Browsing University of Alaska Fairbanks by Subject "Inuit"
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A comparison of landscape categorization in Inuit-Yupik and Dene languages in AlaskaThe landscape domain poses a significant challenge for linguistic categorization, since unlike more discrete domains such as zoology and botany, the landscape domain lacks an etic grid on which to base linguistic categories (Turk et al. 2012). Thus, it is not surprising that there is significant cross-linguistic variation in the way landscape terms are ontologized (Burenhult and Levinson 2008). While Alaska itself exhibits great diversity in landforms, a large swath of country extending from the Bering coast to the Canadian border is shared two very different language families: Inuit-Yupik and Dene. Preliminary studies of landscape terminology in these two language families suggest that Dene languages emphasize vertical features and mountain valleys, while Inuit-Yupik languages are less concerned with vertical scale and the notion of valley (Holton 2011). The current paper compares the semantics of landscape terms in Inupiaq, Yup’ik, Dena’ina, and Koyukon, four languages which are spoken along the boundary between Inuit-Yupik and Dene. In addition, the structures of Inuit-Yupik and Dene spatial orientation systems are compared.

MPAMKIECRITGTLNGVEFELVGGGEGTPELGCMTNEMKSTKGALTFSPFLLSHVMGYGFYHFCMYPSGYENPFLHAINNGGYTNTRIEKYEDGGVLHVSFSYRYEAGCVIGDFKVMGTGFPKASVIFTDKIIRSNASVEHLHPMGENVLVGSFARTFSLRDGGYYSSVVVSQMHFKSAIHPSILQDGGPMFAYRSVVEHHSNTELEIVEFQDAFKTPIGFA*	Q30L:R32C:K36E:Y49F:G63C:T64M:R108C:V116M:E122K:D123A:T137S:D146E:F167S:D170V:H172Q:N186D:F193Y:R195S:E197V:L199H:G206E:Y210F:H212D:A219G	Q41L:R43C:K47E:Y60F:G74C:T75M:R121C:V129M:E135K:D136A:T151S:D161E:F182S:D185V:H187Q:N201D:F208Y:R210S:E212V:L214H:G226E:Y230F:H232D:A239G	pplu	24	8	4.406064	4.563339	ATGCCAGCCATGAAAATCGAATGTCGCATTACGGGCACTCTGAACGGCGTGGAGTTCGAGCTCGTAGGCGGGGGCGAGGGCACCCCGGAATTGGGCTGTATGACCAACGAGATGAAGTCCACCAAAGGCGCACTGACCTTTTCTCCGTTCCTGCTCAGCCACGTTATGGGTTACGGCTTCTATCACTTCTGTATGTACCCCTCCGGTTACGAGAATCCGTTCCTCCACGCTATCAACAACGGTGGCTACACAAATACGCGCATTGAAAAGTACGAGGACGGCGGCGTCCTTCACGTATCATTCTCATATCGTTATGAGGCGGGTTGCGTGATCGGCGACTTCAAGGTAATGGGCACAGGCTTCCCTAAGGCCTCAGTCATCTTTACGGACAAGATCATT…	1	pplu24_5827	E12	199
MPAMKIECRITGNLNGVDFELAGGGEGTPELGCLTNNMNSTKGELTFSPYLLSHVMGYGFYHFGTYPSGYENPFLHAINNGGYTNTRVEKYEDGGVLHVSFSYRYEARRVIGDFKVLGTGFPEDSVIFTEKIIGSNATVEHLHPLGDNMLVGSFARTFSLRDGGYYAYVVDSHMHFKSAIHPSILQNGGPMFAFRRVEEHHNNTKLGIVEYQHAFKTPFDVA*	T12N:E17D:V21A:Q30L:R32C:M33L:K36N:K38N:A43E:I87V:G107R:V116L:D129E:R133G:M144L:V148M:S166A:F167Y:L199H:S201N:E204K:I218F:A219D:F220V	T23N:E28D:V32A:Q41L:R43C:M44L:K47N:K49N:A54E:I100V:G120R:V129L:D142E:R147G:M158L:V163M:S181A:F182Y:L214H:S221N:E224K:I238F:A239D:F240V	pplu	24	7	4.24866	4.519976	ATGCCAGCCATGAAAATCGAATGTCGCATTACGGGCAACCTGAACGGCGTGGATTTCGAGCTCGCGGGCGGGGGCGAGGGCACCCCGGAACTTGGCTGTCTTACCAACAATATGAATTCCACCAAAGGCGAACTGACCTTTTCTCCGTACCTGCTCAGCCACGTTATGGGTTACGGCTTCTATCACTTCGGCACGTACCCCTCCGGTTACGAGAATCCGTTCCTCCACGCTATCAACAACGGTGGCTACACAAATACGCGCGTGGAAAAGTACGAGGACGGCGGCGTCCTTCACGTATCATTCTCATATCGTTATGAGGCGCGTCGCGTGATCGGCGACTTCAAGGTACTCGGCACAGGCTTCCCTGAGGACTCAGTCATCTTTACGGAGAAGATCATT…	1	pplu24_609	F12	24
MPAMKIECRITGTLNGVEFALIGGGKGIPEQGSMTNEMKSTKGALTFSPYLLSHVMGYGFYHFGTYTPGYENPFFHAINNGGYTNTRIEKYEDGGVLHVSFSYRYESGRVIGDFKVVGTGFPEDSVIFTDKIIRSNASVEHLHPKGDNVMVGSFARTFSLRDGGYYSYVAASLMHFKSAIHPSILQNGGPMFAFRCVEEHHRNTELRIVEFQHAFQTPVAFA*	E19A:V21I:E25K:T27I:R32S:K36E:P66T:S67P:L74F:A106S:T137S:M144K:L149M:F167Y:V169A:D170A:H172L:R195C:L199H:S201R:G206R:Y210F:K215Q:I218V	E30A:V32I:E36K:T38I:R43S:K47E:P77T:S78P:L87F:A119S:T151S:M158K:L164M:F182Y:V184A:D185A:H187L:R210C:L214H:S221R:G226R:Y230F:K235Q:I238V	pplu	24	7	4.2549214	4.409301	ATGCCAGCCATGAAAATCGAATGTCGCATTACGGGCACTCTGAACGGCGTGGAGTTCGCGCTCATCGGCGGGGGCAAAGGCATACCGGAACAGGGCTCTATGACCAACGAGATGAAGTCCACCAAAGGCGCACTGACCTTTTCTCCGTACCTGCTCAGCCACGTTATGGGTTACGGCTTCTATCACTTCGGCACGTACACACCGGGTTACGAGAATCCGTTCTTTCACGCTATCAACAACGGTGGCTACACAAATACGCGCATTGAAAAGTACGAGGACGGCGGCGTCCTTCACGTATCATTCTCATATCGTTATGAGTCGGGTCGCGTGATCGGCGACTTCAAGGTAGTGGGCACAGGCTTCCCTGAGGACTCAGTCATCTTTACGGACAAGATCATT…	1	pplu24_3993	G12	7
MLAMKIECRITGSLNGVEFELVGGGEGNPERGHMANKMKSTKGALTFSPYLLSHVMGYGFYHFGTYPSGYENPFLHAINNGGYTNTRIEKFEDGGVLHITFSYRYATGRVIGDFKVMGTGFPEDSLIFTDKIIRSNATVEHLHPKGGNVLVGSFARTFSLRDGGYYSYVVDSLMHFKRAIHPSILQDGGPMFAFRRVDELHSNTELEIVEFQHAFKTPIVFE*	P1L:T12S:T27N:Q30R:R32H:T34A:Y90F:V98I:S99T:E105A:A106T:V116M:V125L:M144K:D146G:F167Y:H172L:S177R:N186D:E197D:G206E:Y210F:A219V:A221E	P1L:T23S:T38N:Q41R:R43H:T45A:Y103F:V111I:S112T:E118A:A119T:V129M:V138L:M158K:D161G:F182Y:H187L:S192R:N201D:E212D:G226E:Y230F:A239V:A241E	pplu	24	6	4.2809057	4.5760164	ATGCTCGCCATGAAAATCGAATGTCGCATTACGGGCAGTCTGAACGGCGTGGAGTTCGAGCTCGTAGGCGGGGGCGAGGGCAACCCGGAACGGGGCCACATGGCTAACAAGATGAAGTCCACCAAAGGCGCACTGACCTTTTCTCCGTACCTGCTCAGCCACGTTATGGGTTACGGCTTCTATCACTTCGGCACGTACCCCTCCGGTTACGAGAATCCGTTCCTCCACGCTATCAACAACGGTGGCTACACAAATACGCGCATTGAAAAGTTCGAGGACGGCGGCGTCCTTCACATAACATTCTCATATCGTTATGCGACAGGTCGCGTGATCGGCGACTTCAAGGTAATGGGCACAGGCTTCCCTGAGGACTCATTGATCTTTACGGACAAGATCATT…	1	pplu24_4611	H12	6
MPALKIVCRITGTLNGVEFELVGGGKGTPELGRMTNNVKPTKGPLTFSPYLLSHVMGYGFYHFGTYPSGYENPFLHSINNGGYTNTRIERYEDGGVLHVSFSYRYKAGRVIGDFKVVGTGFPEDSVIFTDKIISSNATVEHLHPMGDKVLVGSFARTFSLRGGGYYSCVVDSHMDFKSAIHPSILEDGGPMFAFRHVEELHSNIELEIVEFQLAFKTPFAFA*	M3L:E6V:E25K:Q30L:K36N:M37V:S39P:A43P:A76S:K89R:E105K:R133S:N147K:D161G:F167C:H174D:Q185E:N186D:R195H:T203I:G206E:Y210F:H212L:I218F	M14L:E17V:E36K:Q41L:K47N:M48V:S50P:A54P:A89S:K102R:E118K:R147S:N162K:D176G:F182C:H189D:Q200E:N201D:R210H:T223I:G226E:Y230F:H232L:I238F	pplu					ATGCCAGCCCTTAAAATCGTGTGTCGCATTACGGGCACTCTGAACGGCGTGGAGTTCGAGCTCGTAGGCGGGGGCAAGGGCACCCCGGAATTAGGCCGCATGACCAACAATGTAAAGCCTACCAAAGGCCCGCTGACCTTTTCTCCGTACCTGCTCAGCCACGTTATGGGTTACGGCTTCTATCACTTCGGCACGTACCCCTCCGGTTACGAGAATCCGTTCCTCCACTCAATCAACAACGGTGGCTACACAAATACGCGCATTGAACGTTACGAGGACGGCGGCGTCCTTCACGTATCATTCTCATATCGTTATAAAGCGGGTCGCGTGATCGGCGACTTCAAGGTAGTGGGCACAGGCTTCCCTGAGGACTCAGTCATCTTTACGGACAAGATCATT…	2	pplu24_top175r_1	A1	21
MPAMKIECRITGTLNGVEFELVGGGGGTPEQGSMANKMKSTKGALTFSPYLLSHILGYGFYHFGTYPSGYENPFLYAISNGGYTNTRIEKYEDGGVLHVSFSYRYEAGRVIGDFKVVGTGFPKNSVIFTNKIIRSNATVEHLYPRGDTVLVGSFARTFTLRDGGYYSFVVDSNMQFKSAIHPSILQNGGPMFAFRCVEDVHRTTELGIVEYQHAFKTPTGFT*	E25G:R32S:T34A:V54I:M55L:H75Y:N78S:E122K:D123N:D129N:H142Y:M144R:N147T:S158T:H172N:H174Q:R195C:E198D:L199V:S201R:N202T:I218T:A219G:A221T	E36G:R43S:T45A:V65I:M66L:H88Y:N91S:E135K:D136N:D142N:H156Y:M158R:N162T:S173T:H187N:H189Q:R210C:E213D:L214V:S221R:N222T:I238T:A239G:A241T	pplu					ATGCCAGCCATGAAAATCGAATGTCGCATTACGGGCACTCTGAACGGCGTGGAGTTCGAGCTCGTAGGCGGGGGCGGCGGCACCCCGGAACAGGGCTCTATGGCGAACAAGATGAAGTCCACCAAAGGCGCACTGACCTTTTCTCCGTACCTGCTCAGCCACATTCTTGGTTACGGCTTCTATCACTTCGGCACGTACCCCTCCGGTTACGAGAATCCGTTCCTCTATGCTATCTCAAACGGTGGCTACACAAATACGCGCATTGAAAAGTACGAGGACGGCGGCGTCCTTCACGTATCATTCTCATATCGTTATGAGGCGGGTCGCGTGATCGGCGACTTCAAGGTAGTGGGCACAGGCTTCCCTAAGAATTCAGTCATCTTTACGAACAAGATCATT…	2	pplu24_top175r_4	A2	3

Contemporary Inuit political identity and transnational processesUnderstanding how local political identities are shaped by transnational networks can produce insight into the relationships among global processes, local identities, and the state. This ethnographic exploration of circumpolar transnational processes provides an understanding of the social and cultural factors influencing political identity among the Inuit of the United States. I ask how the local Alaska branch of the Inuit Circumpolar Council (ICC-AK) connects to a broader transnational Indigenous network, and how those networks influence Inuit political identity locally and globally. The following thesis suggests that, despite an increase in cultural influences across national borders due to globalization, political identities remain tied to local and national influences. Moreover, the transnational movements of local political identities may be impeded by national borders and State regulations, revealing the continued importance of the nation-state, rather than its demise in an increasingly globalized world.